In 1993 we attended Easter Mass at our local parish church where, as with most Catholic churches today, the usual Protestant influence was very present. There were the familiar felt banners hanging in and around the sanctuary and the guitar group was belting those dreadful songs from the Glory and Praise Hymn Book. Musical instruments were thoroughly condemned by the Church Fathers 9 and whenever I heard those twanging guitars, I would inwardly genuflect to their wisdom. Yes, as with many traditional Catholics, we were receiving our weekly dose of what psychologists call cognitive dissonance, i.e. a feeling of alienation from the churchs liturgy.
On our way home from mass, we visited a small Orthodox Church which had recently taken over the premises from a disused Protestant Church. Most of the parishioners were English-speaking converts. A small untrained choir chanted the liturgy and some icons hung from a makeshift iconostasis – the difference was stunning – in these somewhat meager surroundings, they had captured a sense of transcendence, reverence, mystery and a vibrancy that we had lost. Despite our admiration for their liturgy, there was also a reaction to the unfamiliar – a feeling of alienation that would be more strongly felt when we visited the ethnic Orthodox Churches. We had always been aware of the Orthodox Church and her splendid witness to tradition, but today in this little bare bones church, the difference was especially striking and the questions started to gnaw at us. Why have they been able to maintain what we have lost? Some of the initial questions were typically those coming from Roman Catholics. How can they do this with a form of church government that is so decentralized? How can they manage their church organization without an authority figure like that of the Pope? Who is in charge? We contacted several Orthodox priests with whom we had many discussions and they were very helpful in steering us towards some Orthodox historians. Being keen students of history, we had read about the Early Church but mostly from a Catholic point of view. Here for the first time we were reading books where the Orthodox Church was speaking for herself. As most people know, both Roman Catholic and Orthodox Churches were one church for the first thousand years. It should be pointed out that the Orthodox Church during those first thousand years of union, always recognized Rome as having a Primacy of Honour i.e. primus inter pares – first among equals. It was the ancient seat of Roman government and was the resting-place of Peter and Paul which for many hundreds of years proved to be a steadfast witness to the true faith. The Orthodox Church believes that Rome erred in attempting to turn this Primacy of Honour within the Church to a Supremacy over the Church. Reading these Orthodox scholars was like having a long lost relative showing up on your doorstep and filling in details of family history, thereby offering a fresh perspective.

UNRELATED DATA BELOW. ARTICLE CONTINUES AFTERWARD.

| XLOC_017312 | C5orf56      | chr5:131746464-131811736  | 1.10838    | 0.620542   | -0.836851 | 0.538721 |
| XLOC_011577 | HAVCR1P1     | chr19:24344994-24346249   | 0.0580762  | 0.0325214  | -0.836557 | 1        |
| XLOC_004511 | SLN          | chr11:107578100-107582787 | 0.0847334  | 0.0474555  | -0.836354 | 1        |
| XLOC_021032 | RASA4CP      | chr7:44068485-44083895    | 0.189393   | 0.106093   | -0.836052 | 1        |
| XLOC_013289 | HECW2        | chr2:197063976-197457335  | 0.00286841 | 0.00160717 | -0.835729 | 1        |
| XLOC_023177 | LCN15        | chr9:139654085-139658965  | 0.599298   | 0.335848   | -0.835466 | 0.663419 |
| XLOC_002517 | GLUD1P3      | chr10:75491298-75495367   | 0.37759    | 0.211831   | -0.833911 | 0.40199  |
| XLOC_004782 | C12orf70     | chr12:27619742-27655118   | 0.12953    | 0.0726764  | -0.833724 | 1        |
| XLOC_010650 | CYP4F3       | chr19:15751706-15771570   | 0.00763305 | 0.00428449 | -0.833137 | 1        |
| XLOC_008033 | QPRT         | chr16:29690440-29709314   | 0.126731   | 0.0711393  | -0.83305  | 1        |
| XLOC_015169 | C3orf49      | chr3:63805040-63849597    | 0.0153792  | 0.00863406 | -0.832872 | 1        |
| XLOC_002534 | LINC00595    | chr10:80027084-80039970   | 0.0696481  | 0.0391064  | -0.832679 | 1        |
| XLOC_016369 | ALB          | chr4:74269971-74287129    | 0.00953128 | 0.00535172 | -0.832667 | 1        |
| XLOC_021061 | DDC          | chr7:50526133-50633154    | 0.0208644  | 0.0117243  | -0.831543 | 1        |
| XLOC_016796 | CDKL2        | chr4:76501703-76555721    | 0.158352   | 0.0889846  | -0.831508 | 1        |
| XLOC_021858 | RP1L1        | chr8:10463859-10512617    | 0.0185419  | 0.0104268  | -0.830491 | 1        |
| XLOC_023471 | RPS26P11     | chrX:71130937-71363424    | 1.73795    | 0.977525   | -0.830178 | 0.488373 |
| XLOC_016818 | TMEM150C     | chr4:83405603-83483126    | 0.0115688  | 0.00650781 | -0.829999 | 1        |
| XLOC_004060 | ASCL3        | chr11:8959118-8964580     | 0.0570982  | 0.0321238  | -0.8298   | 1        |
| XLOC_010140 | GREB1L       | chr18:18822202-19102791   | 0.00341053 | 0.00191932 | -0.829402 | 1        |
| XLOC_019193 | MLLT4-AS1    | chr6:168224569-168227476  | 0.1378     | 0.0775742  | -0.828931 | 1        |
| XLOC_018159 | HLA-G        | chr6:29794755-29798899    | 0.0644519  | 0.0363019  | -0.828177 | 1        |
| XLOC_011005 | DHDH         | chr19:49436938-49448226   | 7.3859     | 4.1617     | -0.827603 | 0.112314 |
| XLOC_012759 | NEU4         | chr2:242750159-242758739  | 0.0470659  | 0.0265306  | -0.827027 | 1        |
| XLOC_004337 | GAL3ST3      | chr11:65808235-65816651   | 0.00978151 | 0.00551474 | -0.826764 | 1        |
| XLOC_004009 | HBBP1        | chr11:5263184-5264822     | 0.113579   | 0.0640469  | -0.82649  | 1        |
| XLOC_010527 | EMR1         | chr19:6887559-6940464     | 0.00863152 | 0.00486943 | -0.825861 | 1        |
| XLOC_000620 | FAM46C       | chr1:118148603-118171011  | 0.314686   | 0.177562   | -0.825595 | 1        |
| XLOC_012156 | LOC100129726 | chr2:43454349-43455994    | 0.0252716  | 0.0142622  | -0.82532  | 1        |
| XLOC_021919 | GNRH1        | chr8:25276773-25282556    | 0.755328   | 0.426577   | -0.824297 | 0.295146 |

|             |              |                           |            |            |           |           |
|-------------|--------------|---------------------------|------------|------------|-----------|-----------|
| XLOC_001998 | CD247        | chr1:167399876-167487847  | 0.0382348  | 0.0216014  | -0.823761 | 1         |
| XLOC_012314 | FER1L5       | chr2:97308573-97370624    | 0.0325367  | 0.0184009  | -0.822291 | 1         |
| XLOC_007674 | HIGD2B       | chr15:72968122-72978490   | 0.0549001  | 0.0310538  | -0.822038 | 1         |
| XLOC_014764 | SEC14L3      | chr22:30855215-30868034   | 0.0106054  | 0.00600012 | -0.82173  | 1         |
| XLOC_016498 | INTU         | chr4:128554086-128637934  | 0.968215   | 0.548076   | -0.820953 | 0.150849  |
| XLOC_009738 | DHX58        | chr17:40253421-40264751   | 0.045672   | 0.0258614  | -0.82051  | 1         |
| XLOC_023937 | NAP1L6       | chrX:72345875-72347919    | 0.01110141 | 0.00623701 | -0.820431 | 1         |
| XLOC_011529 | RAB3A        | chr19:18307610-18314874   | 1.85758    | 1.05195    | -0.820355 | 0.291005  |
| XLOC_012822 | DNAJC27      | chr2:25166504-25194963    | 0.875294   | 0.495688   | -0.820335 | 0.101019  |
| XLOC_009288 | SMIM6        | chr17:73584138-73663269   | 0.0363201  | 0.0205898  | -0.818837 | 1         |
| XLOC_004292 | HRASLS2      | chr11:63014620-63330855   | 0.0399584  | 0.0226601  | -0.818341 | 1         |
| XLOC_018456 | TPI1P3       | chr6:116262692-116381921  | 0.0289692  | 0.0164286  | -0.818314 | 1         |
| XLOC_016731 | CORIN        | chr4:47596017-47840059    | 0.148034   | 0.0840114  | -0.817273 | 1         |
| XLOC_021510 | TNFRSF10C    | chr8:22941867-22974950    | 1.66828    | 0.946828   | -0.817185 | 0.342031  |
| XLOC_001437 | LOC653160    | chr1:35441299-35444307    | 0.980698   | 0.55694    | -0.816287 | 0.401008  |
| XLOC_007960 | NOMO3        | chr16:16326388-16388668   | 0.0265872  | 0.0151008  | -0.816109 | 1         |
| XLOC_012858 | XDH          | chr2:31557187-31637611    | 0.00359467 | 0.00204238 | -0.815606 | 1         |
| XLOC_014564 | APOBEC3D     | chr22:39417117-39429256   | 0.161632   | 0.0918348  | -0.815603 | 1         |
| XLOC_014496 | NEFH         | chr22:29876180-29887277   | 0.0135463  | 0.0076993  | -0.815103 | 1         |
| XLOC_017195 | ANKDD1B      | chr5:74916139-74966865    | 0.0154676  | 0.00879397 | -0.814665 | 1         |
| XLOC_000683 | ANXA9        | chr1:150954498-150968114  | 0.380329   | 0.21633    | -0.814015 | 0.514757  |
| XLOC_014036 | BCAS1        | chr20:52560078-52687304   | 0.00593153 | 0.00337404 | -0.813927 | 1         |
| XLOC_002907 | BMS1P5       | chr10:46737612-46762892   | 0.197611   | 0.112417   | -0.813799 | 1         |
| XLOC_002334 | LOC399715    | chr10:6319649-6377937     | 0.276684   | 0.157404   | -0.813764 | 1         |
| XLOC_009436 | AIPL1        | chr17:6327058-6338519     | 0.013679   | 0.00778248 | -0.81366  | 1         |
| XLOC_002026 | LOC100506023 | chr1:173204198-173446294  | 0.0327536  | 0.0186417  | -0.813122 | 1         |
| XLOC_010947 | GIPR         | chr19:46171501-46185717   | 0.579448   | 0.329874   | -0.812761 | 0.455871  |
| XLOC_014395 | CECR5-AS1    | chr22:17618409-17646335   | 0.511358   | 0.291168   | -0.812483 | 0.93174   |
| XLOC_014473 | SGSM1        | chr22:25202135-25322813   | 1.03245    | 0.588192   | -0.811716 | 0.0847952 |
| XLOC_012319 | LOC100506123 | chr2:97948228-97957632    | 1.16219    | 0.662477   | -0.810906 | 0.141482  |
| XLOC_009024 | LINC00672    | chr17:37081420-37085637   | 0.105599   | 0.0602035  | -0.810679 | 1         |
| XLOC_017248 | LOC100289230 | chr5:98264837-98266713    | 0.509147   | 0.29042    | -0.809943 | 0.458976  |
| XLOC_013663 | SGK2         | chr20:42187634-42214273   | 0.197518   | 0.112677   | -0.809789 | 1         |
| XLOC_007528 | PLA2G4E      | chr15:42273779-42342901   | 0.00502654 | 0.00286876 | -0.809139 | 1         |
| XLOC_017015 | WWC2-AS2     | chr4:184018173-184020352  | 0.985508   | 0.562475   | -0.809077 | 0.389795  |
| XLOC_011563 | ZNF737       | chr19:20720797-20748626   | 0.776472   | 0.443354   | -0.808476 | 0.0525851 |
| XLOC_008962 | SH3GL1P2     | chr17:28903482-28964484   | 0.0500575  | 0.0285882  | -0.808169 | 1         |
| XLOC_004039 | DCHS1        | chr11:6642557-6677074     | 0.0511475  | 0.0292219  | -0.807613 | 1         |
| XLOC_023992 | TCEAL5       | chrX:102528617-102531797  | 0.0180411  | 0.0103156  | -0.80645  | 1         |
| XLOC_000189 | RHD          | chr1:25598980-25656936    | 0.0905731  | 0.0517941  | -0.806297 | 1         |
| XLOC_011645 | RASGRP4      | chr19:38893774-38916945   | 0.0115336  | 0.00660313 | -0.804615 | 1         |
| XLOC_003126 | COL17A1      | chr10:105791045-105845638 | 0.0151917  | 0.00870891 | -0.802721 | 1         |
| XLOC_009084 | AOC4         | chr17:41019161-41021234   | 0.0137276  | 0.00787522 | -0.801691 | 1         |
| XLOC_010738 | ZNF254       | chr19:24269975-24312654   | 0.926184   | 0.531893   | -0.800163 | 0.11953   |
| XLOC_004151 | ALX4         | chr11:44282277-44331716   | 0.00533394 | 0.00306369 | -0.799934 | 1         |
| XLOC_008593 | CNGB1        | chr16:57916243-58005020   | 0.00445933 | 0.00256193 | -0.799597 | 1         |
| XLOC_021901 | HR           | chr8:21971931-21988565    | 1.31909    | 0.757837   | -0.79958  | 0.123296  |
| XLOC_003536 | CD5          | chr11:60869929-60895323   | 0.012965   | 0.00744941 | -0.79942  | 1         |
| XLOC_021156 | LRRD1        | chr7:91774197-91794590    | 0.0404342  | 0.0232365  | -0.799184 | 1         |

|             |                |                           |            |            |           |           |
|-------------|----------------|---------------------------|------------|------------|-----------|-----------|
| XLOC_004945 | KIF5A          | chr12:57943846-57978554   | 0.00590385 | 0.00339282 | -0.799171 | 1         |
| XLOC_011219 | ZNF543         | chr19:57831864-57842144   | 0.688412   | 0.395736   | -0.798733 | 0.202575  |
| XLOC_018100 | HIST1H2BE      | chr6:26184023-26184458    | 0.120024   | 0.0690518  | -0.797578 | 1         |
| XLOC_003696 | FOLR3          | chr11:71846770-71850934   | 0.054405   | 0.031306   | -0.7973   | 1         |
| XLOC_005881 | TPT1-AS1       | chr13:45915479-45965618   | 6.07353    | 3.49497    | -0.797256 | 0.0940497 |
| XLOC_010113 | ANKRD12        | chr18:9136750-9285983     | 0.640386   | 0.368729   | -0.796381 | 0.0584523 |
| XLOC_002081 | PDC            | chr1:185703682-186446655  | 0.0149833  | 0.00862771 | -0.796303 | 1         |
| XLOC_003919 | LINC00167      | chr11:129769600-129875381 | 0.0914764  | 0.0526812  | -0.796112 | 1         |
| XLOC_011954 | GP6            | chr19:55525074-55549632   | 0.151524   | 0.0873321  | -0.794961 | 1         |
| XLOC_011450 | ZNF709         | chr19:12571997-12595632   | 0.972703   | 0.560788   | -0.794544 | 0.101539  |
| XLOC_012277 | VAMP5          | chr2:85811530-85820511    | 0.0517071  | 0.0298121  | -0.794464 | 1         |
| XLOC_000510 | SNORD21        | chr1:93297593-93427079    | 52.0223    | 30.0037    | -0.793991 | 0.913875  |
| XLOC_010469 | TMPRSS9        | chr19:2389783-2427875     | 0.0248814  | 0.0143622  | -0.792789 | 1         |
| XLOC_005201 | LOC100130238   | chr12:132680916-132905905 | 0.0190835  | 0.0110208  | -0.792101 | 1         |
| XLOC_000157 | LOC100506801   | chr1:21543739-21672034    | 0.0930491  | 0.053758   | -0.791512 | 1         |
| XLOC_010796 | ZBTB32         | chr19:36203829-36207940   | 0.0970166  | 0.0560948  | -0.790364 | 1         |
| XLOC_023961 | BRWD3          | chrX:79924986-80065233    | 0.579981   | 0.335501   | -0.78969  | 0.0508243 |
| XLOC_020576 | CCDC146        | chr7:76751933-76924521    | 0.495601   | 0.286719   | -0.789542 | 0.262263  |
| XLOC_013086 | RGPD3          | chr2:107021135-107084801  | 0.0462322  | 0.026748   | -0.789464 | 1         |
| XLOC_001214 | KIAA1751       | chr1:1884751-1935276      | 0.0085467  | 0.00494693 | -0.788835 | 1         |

This new perspective challenged our most deeply held beliefs concerning the Papacy and the development of the early church. Like most Roman Catholics, we took the triumphant, monarchical Papacy of the high middle ages like that of Gregory VII, Innocent III and Boniface VIII and attempted to carry this concept of the Papacy back to the very early church. Like most Roman Catholics our view of the Church was more picturesque than real.
For non-Roman Catholics, it is almost impossible to comprehend the attachment a Catholic has for the Papacy and our reaction was highly defensive. In the past, when we came across serious works of history which contradicted the Roman Catholic position, we were skeptical and if we found that the author was Protestant, or the book came from a Protestant publishing house, it was given scant attention and if it contradicted a dogmatic belief it was dismissed immediately. Only Roman Catholic historians have a pure line to objectivity, especially when it concerns articles of faith. This is what Catholics are taught and it is this belief that will keep their faith inviolate. This teaching is best exemplified by Pope Leo XIII in his celebrated Letter to the Prelates and Clergy of France (September 8th, 1899). While encouraging them to the study of history he reminds Those who study it must never lose sight of the fact that it contains a collection of dogmatic facts, which impose themselves upon our faith, and which nobody is ever permitted to call in doubt. Cardinal Manning of England is even more blunt, The appeal to antiquity is both a treason and a heresy. It is a treason because it rejects the divine voice of the Church at this hour, and a heresy because it denies that voice to be divine. 10 At another time Cardinal Manning wrote, The appeal from the living voice of the Church to any tribunal whatsoever, human history included, is an act of private judgment and a treason because that living voice is supreme; and to appeal from that supreme voice is also a heresy because that voice by divine assistance is infallible. 11